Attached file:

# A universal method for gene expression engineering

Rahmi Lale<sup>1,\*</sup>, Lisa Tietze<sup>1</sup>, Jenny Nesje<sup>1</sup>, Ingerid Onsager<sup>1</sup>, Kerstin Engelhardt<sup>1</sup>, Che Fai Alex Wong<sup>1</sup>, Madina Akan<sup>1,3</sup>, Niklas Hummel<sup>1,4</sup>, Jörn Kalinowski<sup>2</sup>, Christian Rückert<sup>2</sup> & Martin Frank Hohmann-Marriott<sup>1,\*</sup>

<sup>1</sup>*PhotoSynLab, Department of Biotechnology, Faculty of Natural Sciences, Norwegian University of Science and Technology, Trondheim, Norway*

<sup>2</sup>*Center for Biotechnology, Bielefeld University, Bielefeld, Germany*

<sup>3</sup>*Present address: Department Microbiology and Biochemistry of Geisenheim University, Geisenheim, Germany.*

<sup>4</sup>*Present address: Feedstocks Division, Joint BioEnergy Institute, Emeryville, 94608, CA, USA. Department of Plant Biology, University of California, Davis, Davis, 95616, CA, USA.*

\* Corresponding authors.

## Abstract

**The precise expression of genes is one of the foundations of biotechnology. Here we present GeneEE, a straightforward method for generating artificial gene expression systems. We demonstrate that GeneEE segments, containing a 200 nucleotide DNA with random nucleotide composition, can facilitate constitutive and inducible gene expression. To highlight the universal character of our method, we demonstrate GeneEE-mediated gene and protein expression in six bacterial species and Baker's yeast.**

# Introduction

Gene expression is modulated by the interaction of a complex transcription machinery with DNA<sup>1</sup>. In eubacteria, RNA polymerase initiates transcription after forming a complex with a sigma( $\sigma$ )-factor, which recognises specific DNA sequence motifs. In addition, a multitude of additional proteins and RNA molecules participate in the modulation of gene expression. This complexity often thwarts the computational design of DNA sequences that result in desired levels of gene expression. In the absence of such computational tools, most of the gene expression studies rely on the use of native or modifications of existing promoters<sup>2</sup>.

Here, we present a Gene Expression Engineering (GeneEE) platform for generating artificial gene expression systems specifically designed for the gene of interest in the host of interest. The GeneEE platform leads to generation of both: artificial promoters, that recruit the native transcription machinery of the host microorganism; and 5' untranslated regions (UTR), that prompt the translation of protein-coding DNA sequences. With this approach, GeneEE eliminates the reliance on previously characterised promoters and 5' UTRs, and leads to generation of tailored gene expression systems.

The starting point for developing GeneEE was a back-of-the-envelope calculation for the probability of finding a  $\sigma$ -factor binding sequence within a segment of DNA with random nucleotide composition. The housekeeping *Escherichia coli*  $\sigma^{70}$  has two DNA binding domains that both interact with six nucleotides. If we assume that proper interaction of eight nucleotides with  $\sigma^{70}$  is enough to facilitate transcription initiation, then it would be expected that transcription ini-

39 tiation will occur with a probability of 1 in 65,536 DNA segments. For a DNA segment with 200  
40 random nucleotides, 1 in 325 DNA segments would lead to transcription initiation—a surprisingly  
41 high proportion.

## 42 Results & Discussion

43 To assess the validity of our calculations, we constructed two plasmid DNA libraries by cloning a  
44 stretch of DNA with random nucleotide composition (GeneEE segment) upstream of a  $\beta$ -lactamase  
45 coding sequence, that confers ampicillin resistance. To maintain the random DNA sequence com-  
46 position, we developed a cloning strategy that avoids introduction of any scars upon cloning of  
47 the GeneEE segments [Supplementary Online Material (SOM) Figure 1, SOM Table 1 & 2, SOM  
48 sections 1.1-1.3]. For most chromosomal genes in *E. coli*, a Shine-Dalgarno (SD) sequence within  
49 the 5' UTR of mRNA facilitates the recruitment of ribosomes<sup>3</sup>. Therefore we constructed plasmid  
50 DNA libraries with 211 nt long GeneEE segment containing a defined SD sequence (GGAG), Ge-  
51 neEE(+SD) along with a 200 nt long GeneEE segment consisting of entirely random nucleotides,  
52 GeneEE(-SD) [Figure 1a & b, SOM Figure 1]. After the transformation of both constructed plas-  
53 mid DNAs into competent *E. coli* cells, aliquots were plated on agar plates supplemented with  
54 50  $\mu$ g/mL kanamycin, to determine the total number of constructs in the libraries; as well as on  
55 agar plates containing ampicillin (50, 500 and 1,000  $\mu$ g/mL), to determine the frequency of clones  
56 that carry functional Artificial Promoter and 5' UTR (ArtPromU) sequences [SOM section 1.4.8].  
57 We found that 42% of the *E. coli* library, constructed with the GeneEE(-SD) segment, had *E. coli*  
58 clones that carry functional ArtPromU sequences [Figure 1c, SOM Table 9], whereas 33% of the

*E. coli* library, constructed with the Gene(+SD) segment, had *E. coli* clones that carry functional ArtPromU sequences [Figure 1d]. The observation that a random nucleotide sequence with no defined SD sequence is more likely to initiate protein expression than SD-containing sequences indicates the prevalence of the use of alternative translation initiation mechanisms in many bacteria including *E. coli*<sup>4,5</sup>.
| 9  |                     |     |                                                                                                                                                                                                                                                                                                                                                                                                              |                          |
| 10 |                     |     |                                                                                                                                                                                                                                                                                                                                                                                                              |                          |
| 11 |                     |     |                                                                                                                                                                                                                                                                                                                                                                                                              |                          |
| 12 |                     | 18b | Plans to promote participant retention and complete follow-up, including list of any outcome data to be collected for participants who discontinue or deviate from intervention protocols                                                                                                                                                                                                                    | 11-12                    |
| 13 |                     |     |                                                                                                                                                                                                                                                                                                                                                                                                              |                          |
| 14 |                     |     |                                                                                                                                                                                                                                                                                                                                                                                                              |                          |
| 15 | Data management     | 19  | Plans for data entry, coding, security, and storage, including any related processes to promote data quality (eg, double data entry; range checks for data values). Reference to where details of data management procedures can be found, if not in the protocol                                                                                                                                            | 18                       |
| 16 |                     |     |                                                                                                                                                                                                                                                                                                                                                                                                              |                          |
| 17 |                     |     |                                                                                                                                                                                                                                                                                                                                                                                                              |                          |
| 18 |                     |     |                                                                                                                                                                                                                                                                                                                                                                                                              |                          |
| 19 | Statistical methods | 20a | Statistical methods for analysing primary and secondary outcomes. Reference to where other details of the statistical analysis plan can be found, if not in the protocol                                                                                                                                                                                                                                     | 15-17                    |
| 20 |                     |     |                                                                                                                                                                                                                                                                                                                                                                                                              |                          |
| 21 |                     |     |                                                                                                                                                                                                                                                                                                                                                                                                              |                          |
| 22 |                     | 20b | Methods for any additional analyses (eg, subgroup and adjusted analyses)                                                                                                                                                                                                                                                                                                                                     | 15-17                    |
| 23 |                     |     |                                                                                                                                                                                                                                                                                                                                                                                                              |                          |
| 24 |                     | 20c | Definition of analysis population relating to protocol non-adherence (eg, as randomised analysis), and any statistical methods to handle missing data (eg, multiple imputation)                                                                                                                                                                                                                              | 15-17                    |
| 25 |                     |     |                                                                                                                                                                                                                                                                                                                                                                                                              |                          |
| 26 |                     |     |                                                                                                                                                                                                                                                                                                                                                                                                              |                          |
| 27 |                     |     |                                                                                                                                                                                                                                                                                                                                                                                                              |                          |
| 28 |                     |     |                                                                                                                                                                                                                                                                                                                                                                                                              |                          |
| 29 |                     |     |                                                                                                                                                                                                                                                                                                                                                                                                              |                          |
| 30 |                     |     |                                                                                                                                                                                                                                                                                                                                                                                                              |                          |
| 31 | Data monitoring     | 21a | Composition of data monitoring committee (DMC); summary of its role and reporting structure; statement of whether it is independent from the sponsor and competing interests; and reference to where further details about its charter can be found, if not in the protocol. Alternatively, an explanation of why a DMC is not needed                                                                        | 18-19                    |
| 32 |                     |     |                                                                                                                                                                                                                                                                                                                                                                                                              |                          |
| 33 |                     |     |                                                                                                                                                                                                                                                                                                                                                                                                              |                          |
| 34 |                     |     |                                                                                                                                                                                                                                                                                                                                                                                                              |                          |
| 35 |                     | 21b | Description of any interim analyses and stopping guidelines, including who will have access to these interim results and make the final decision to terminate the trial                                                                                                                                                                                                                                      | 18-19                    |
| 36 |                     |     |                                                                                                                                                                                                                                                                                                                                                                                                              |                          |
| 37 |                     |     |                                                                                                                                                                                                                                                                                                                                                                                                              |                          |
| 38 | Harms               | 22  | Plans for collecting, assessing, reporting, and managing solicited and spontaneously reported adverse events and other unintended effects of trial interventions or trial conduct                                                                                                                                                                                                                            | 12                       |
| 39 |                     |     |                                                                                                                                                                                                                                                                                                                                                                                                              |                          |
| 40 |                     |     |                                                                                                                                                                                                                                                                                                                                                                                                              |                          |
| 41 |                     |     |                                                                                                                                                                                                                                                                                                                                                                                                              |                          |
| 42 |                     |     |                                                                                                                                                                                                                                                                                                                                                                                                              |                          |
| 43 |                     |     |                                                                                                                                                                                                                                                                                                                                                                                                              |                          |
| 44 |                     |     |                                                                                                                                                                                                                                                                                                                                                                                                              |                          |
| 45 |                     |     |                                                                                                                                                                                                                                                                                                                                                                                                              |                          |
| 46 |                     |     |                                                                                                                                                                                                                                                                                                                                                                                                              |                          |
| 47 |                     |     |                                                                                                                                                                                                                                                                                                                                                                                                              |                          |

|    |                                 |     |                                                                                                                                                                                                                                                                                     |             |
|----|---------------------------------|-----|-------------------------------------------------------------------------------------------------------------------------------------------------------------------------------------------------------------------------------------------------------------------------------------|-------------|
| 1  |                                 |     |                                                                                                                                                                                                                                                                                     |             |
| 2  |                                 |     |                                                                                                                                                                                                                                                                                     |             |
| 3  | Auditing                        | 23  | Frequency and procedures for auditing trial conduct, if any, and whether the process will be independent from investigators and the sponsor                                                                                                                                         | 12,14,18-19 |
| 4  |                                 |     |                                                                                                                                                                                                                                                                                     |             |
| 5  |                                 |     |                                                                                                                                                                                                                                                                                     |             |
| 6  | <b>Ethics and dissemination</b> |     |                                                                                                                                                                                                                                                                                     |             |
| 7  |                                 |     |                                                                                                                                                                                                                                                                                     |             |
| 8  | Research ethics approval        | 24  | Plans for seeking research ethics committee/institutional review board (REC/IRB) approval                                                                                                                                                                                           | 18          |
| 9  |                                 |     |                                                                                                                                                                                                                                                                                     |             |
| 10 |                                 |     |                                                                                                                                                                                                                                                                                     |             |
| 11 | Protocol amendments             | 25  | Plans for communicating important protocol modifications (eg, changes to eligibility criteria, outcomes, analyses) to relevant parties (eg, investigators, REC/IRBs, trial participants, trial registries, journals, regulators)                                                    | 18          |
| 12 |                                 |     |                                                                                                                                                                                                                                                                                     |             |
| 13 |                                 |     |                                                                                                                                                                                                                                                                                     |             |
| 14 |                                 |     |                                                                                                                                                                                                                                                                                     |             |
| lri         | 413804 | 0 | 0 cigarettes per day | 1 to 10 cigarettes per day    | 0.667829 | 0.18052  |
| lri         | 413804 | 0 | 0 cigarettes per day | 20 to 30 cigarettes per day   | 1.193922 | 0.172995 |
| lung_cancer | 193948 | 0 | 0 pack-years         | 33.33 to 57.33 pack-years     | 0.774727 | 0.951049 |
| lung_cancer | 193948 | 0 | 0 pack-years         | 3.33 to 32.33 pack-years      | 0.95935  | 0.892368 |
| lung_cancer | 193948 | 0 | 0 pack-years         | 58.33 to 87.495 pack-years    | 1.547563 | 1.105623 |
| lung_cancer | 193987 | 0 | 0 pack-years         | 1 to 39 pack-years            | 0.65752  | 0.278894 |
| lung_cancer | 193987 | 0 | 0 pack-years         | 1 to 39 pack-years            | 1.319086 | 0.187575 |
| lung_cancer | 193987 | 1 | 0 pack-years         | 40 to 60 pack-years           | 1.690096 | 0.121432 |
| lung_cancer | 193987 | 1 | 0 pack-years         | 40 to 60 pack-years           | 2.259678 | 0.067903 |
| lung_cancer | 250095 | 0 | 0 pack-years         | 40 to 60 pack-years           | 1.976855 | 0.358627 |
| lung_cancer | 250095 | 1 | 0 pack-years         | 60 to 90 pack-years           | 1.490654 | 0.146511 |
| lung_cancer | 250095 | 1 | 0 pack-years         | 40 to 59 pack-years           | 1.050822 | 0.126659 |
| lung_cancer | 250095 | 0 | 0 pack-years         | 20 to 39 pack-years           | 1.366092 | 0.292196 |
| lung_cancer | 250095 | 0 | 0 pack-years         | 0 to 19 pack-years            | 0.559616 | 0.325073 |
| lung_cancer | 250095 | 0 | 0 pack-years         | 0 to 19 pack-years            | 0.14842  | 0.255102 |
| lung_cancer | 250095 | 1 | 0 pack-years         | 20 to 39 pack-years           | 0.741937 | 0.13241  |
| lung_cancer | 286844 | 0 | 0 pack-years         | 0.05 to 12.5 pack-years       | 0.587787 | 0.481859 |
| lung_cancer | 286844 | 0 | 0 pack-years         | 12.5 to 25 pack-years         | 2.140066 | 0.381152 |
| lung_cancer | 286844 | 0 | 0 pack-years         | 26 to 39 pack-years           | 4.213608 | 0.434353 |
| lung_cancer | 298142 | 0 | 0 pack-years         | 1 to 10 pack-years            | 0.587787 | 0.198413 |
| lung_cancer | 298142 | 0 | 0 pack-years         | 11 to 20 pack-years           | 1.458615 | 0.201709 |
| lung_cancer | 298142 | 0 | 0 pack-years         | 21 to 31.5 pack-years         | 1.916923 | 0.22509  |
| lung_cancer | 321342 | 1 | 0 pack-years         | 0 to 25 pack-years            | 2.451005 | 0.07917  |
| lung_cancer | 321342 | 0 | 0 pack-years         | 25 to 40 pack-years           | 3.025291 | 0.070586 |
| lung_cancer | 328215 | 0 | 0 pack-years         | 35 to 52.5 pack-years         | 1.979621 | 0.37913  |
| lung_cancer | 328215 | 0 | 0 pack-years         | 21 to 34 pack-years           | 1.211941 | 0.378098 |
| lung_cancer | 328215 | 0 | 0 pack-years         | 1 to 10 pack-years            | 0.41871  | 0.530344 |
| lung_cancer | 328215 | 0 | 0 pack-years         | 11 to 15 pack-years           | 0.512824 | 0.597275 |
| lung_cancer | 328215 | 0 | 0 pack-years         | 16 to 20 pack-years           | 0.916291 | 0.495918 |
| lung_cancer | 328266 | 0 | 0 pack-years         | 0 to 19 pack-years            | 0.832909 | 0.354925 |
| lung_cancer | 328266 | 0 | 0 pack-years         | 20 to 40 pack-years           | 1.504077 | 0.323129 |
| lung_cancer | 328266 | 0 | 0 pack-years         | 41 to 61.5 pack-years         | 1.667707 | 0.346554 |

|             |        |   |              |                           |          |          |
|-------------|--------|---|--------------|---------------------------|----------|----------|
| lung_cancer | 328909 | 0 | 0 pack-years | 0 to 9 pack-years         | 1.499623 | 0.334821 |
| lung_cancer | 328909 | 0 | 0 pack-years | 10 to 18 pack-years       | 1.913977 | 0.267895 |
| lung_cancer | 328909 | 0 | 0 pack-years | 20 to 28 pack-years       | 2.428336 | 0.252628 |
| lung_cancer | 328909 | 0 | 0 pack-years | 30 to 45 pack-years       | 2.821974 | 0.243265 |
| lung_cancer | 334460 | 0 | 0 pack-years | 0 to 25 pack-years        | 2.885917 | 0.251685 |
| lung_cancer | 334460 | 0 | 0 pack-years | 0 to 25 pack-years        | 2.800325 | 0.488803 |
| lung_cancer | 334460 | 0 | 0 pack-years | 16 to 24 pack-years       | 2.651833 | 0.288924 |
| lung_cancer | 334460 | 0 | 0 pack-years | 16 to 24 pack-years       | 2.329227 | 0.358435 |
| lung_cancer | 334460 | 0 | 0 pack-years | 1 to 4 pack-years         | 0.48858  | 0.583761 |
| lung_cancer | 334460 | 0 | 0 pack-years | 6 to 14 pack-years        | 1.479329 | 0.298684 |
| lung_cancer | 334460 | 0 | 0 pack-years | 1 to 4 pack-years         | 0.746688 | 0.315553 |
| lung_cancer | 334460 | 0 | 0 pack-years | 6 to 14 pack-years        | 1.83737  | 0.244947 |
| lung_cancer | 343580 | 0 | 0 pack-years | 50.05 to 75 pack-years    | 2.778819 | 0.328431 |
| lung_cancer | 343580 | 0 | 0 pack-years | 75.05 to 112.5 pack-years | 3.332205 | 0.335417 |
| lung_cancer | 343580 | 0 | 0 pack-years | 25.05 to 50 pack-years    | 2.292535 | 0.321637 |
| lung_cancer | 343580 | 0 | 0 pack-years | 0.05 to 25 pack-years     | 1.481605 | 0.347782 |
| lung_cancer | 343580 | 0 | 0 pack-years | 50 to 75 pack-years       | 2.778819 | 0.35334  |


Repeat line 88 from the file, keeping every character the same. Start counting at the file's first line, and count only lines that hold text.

| 13 |                                 |     |                                                                                                                                                                                                                                                                                     |             |